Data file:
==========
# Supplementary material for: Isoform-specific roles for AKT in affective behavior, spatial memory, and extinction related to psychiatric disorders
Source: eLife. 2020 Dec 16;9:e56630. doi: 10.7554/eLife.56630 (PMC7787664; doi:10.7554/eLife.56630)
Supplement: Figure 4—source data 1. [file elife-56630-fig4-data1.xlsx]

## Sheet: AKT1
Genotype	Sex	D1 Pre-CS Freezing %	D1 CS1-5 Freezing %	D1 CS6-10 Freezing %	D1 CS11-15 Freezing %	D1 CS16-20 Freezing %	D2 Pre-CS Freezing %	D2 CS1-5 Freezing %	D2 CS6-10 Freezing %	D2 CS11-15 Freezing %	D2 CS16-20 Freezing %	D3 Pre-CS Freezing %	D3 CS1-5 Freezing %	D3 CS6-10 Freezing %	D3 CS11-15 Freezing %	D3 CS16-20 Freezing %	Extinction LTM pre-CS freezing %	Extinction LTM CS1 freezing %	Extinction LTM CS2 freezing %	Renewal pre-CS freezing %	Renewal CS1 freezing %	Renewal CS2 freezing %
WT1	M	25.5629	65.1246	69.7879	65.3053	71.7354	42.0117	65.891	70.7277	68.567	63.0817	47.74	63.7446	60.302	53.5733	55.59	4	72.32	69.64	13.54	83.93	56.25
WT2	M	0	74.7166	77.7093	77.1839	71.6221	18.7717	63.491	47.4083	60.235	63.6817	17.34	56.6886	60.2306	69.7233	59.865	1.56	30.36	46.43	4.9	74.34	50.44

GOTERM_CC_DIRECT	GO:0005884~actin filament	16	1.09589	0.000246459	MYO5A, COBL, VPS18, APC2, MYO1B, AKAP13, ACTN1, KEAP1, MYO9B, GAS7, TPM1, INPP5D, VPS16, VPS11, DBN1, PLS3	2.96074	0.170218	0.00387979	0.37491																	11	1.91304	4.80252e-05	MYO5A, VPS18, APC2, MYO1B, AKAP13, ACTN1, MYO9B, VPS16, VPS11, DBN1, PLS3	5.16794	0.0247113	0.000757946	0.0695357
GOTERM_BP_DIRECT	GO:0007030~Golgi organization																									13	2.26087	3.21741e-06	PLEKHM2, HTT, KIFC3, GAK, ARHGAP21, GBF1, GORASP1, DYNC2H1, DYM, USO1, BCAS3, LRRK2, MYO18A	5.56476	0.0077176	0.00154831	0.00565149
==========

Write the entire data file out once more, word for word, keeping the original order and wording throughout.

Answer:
# Supplementary material for: Isoform-specific roles for AKT in affective behavior, spatial memory, and extinction related to psychiatric disorders
Source: eLife. 2020 Dec 16;9:e56630. doi: 10.7554/eLife.56630 (PMC7787664; doi:10.7554/eLife.56630)
Supplement: Figure 4—source data 1. [file elife-56630-fig4-data1.xlsx]

## Sheet: AKT1
Genotype	Sex	D1 Pre-CS Freezing %	D1 CS1-5 Freezing %	D1 CS6-10 Freezing %	D1 CS11-15 Freezing %	D1 CS16-20 Freezing %	D2 Pre-CS Freezing %	D2 CS1-5 Freezing %	D2 CS6-10 Freezing %	D2 CS11-15 Freezing %	D2 CS16-20 Freezing %	D3 Pre-CS Freezing %	D3 CS1-5 Freezing %	D3 CS6-10 Freezing %	D3 CS11-15 Freezing %	D3 CS16-20 Freezing %	Extinction LTM pre-CS freezing %	Extinction LTM CS1 freezing %	Extinction LTM CS2 freezing %	Renewal pre-CS freezing %	Renewal CS1 freezing %	Renewal CS2 freezing %
WT1	M	25.5629	65.1246	69.7879	65.3053	71.7354	42.0117	65.891	70.7277	68.567	63.0817	47.74	63.7446	60.302	53.5733	55.59	4	72.32	69.64	13.54	83.93	56.25
WT2	M	0	74.7166	77.7093	77.1839	71.6221	18.7717	63.491	47.4083	60.235	63.6817	17.34	56.6886	60.2306	69.7233	59.865	1.56	30.36	46.43	4.9	74.34	50.44

GOTERM_CC_DIRECT	GO:0005884~actin filament	16	1.09589	0.000246459	MYO5A, COBL, VPS18, APC2, MYO1B, AKAP13, ACTN1, KEAP1, MYO9B, GAS7, TPM1, INPP5D, VPS16, VPS11, DBN1, PLS3	2.96074	0.170218	0.00387979	0.37491																	11	1.91304	4.80252e-05	MYO5A, VPS18, APC2, MYO1B, AKAP13, ACTN1, MYO9B, VPS16, VPS11, DBN1, PLS3	5.16794	0.0247113	0.000757946	0.0695357
GOTERM_BP_DIRECT	GO:0007030~Golgi organization																									13	2.26087	3.21741e-06	PLEKHM2, HTT, KIFC3, GAK, ARHGAP21, GBF1, GORASP1, DYNC2H1, DYM, USO1, BCAS3, LRRK2, MYO18A	5.56476	0.0077176	0.00154831	0.00565149